Read Rental Yields  »

Last Updated: Nov 24, 2015

Rental Income: Gross rental income is subject to a fixed 25% tax, withheld by the tenant.

However, nonresidents can elect to pay under the section 216 of the Income Tax Act, wherein they will be liable to pay tax on their net income at progressive federal rates. Nonresidents electing under section 216 are also liable to pay 48% surtax.

Capital Gains: Only 50% of the capital gains are liable to tax. Capital gains are computed by deducting the costs incurred in selling and purchasing the property, capital expenditures, and such costs as additions and improvements in the property.

Inheritance: There is no inheritance or estate tax in Canada.

Residents: Canadian residents are subject to Canadian income tax on their worldwide income. Income is taxed at the federal level and at the provincial level.

Read Taxes and Costs  »

Last Updated: Nov 24, 2016

Total costs and taxes for buying properties amount to around 4.7% to 11% of the value of the property. Transfer Tax differs in each province, ranging from 0.5% to 2%. Typically, real estate agent's commission is 7% on the first CAD100,000(US$88,495) of the sale price and 3% on the remainder, plus 6% Goods and Services Tax (GST). Total roundtrip costs are higher for new and renovated houses because of the additional 6% GST.

Read Buying Guide  »

Last Updated: Feb 06, 2008

Canadian tenancy institutions are pro-tenant.

Rent: The initial rent can be freely negotiated in all provinces, except in some provinces like Quebec, where initially negotiated rents can be appealed if they are higher than a rent charged by the same landlord for the same apartment within the previous 12 months.

Tenant Security: The contract cannot be terminated by the landlord within the duration of the fixed-term lease (usually one year), except for cause (e.g., tenant's non-payment of rent, tenant conducting illegal activity, and so on).

Subleasing needs a written permission from the landlord but this permission may not be unreasonably withheld. However, the landlord can insist on screening the prospective new tenants and may reject them on the basis of financial risk.

Read Landlord and Tenant  »

Last Updated: Oct 04, 2016

Budget deficit swells on stimulus spending

Canada gdp inflationIn Q2 2016, Canada's economy shrank by an annualized rate of 1.6%, the biggest decline since Q2 2009, amidst a decline in exports, especially for energy products, according to Statistics Canada. Exports of goods and services fell by 16.7% in Q2 2016 from a year earlier.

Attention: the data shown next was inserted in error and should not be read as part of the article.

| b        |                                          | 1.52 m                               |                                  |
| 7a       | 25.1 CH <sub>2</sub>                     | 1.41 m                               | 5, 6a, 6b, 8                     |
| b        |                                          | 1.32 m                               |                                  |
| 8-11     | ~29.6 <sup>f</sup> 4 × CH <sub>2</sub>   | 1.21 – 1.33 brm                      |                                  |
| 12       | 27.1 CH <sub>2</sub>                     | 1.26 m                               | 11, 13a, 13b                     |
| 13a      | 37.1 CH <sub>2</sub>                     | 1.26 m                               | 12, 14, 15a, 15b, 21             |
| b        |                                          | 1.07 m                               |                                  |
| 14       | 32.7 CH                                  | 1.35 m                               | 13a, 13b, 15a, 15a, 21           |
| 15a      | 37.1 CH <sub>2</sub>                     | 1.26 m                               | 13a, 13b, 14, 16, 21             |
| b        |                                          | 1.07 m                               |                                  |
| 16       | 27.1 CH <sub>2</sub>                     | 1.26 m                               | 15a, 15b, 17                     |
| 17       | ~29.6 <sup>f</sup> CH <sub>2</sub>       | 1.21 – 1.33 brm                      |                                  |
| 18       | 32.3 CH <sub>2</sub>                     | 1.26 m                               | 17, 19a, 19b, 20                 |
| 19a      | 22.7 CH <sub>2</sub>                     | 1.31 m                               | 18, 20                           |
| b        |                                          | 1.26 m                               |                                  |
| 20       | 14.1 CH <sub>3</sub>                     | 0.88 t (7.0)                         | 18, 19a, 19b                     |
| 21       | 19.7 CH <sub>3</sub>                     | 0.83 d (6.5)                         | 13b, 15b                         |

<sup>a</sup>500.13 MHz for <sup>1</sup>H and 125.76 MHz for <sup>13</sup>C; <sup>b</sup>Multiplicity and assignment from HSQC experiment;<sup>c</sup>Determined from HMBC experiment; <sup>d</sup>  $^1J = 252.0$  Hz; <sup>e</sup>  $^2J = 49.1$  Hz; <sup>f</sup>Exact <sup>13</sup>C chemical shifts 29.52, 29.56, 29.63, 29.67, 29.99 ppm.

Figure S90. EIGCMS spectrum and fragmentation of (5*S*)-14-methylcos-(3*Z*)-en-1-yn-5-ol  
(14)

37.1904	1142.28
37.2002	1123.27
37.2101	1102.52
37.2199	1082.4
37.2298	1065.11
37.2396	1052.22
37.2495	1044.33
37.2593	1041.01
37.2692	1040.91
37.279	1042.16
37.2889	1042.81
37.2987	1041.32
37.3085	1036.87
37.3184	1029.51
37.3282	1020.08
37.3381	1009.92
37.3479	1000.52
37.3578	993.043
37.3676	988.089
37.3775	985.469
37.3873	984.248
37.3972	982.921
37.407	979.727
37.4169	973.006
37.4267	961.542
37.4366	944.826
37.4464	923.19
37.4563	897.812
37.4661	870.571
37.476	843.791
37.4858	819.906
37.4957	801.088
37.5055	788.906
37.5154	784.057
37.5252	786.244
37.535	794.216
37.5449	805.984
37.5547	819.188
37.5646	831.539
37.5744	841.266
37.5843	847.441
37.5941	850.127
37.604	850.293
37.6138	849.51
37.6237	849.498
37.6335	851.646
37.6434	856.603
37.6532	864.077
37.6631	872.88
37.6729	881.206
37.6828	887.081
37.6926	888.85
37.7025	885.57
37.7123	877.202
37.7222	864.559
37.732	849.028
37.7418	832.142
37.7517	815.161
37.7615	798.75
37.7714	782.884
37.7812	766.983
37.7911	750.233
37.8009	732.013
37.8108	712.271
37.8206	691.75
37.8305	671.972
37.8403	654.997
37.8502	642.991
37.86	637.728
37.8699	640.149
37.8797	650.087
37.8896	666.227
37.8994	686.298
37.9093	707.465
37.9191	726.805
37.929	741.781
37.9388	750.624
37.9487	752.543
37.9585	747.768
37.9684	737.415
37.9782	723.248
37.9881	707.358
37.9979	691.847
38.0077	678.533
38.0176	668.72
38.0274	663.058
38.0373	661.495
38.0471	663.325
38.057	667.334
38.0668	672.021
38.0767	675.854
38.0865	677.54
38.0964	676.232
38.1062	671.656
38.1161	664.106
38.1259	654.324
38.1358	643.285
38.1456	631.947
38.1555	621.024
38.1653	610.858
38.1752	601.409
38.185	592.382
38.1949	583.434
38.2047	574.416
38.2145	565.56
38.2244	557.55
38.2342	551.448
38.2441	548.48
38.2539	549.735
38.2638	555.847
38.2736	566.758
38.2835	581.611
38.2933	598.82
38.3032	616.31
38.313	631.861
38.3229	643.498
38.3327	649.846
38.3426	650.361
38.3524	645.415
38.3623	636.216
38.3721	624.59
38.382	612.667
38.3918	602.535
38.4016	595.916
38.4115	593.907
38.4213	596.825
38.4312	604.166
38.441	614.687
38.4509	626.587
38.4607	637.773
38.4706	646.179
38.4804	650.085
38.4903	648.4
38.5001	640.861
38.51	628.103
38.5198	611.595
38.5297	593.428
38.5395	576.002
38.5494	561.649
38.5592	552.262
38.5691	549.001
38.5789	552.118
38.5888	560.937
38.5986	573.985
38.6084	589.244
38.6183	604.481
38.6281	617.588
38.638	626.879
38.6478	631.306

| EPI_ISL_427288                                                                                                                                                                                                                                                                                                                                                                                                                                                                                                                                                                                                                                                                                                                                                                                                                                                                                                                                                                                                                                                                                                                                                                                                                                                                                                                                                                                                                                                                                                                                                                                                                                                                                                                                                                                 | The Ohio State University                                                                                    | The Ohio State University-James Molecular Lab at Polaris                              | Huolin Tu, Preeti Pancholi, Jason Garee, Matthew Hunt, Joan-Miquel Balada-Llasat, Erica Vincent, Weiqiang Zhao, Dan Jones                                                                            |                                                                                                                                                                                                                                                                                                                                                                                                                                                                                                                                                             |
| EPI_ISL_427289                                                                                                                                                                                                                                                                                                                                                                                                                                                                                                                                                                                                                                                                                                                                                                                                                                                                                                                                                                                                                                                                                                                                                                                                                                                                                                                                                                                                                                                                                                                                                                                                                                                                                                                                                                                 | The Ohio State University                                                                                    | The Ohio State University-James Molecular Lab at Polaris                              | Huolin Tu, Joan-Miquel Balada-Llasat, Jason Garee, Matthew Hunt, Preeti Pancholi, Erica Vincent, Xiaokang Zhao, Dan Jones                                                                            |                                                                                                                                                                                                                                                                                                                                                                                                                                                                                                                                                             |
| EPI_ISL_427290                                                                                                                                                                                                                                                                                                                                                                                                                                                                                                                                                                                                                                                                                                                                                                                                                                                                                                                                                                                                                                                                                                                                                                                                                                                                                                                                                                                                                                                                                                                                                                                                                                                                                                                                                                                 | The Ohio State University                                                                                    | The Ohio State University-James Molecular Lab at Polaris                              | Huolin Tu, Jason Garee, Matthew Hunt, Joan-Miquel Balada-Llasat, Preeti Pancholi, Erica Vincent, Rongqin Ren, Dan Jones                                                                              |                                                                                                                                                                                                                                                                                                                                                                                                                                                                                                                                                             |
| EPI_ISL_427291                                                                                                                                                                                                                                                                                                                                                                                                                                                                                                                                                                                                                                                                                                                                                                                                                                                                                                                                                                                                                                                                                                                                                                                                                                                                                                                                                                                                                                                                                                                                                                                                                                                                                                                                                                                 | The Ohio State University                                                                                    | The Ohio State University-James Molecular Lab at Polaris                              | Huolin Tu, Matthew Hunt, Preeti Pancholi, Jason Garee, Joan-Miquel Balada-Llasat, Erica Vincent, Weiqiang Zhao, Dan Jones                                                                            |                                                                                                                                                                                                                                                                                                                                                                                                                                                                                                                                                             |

However the economy is expected to expand by 1.5% this year and by 1.9% in 2017, according to the IMF.

In an effort to boost economic growth, the government has increased spending on infrastructure, cut some taxes, and increased child benefits, among others.

The downside is that budget deficit is now swelling, without any dramatic rise in economic growth. In July 2016, the country posted a budget deficit of CA$1.76 billion (US$1.34 billion), in sharp contrast with a surplus of CA$150 million (US$114 million) during the same period last year.

Four months into the 2016-17 fiscal year, the country is now running a deficit of CA$2.76 billion (US$2.1 billion) compared to a surplus of CA$5.16 billion (US$3.93 billion) a year ago.
The country’s annual inflation rate stood at 1.1% in August 2016, the lowest in two years, amidst lower fuel prices, according to Statistics Canada.

In August 2016, unemployment edged up slightly to 7%, from 6.9% in the previous month.

In an effort to fill the gap left by retiring baby boomers, last year Canada liberalized its immigration regulations. As a result, Canada took in 321,000 immigrants in the 2015-16 fiscal year, the largest number since 1910, according to Statistics Canada. The record number of immigrants and refugees caused the population to grow by 1.2% during the year. As of July 1, 2016, Canada’s official population reached 36,286,425, the biggest annual increase since 1988.

“Canada is an aging country, so we are in need of new blood,” says Canadian Immigration Minister John McCallum. “Canadians aren’t having enough babies and so the labour force growth depends very much on the entrance of immigrants.”

The immigrants are expected to reignite the economy - and boost the housing market further.

  • Strong rental market for immigrants
  • Low transaction costs
  • Strong and stable economy
  • No estate or inheritance tax
  • Low to moderate rental income tax
  • Pro-tenant rental laws
Price (sq.m): $9,409 For a 120 sq. m. property, usually an apartment.
Rental Yield: 3.98% For a 120 sq. m. property, usually an apartment.
Rent/month: $3,740 For a 120 sq. m. property.
Income Tax: 25.00% Assumptions: Owners are a non-resident couple drawing US$ / €1,500 per month in rent, with no other local income.
Roundtrip Cost: 13.55% The total cost of buying and then reselling an apartment. Includes:

* all transaction taxes and charges:
* lawyers' and notaries' fees
* agents' fees

Assumptions: The buyers are non-resident foreigners. The apartment cost US$250,00 / €250,000.
Cap Gains Tax: 25.00% Assumptions: The property was bought for US$250,000 / €250,000, and sold 10 years later, after a 100% appreciation.
Landlord and Tenant Law: Pro-Tenant Rating is based on a detailed study of each country’s law and practice.